Taking the frame out of the jig was easy and my previous planning ahead here helped immensely. The plastic wrap and electric tape protected the jig very nicely. Once I got the glued piece out, it was easy to clean up the jig ready for the next use.
I took the glued spruce strips and set to work with a bastard cut metal file to level all the glassy dried globs of glue that spat out between layers. Once these were all mostly leveled I did some passes with an electric planer on both sides. It's truly amazing how well these things clean up. The planer leaves a nice surface and a final hand sanding finishes it off.
After the frame was all cleaned up it was really easy to see where the mistakes were. The glueline is visible allowing you to see exactly where the problem areas are. Here are a couple shots of the finished frame and one of the good sections up close. You can see good glue lines but some crushing of the wood on the inside of the curve. I'll use some protective pads next time so I don't crush the wood (and use a little less pressure).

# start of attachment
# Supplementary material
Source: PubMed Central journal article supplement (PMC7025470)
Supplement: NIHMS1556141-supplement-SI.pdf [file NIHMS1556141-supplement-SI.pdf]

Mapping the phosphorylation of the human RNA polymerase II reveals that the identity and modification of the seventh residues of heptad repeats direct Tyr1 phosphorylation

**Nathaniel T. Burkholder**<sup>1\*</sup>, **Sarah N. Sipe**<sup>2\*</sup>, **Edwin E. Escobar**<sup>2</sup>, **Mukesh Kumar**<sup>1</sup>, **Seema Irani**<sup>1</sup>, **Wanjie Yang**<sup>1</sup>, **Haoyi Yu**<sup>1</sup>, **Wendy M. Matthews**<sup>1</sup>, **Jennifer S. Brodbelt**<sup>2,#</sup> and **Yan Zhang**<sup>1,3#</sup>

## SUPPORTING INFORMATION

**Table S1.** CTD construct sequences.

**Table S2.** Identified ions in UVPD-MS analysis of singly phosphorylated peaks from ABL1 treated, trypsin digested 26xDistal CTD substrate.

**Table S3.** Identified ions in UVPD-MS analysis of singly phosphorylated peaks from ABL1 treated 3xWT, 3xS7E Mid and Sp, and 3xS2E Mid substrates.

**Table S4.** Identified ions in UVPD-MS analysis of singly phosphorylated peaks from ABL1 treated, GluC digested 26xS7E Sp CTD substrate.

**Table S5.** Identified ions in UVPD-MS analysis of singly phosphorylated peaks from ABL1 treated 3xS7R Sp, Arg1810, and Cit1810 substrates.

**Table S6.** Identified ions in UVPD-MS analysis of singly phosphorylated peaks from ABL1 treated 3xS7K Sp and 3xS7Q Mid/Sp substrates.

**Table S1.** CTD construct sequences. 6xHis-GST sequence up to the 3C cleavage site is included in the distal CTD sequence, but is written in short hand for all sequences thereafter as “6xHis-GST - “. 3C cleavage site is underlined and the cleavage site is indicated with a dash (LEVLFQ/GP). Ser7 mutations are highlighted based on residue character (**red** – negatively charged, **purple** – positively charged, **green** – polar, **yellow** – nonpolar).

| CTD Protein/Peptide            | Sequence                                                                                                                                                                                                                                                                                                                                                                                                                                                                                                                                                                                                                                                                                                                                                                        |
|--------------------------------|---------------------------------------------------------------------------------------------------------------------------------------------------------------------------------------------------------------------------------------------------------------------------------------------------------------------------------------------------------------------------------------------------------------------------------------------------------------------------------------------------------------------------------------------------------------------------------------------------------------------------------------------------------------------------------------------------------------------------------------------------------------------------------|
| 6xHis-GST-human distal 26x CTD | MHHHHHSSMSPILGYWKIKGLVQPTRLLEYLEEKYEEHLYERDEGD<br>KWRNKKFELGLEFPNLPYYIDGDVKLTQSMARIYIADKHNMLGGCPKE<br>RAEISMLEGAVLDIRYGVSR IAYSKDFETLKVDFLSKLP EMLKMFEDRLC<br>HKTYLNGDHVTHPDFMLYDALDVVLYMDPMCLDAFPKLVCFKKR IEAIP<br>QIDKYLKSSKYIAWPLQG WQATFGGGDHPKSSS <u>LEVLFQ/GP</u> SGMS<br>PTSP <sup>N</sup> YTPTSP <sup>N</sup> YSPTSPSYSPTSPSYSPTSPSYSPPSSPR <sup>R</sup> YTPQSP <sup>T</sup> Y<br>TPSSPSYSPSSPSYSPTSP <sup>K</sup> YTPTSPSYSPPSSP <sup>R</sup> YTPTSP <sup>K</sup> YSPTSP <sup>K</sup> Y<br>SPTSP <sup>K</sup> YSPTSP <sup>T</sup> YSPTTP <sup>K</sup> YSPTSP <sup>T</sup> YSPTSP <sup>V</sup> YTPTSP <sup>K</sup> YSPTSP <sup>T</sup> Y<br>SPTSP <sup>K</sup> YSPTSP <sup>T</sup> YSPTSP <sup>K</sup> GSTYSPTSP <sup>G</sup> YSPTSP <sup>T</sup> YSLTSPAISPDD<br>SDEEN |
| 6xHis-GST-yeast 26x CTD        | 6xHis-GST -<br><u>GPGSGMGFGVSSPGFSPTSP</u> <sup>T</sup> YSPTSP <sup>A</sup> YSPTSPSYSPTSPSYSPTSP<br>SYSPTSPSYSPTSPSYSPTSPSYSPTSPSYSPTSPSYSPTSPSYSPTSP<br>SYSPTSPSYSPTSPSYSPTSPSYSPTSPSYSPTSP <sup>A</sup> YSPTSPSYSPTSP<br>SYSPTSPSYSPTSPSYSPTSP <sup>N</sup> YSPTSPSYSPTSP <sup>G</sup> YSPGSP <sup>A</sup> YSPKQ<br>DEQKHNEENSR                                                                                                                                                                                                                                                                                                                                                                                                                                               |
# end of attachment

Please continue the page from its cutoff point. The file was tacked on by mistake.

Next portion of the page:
Here are the problem areas. You can see the gaps where there isn't a good glue line. Also, the section of the frame that just wouldn't stay down you can see how the pressure I applied trying to hold it down mangled the edge where it was off center.
The frame wasn't nearly as twisted as I thought it would be. It was just slightly off kilter. My main problem was not getting the strips centered on the mold due to the lack of clearance for the clamps. Well that, and running out of glue halfway through. A blessing in disguise at this point. The off center problem led to all of the glueline gaps though. Now I can plan accordingly, and next time test the wood and the clamps together on the jig before I do the actual gluing. Seeing it clean up so nicely was reassuring.
Also, here's a shot of me cutting out another frame mold and the result after final sanding.
| Fuselage Parts Menu | Home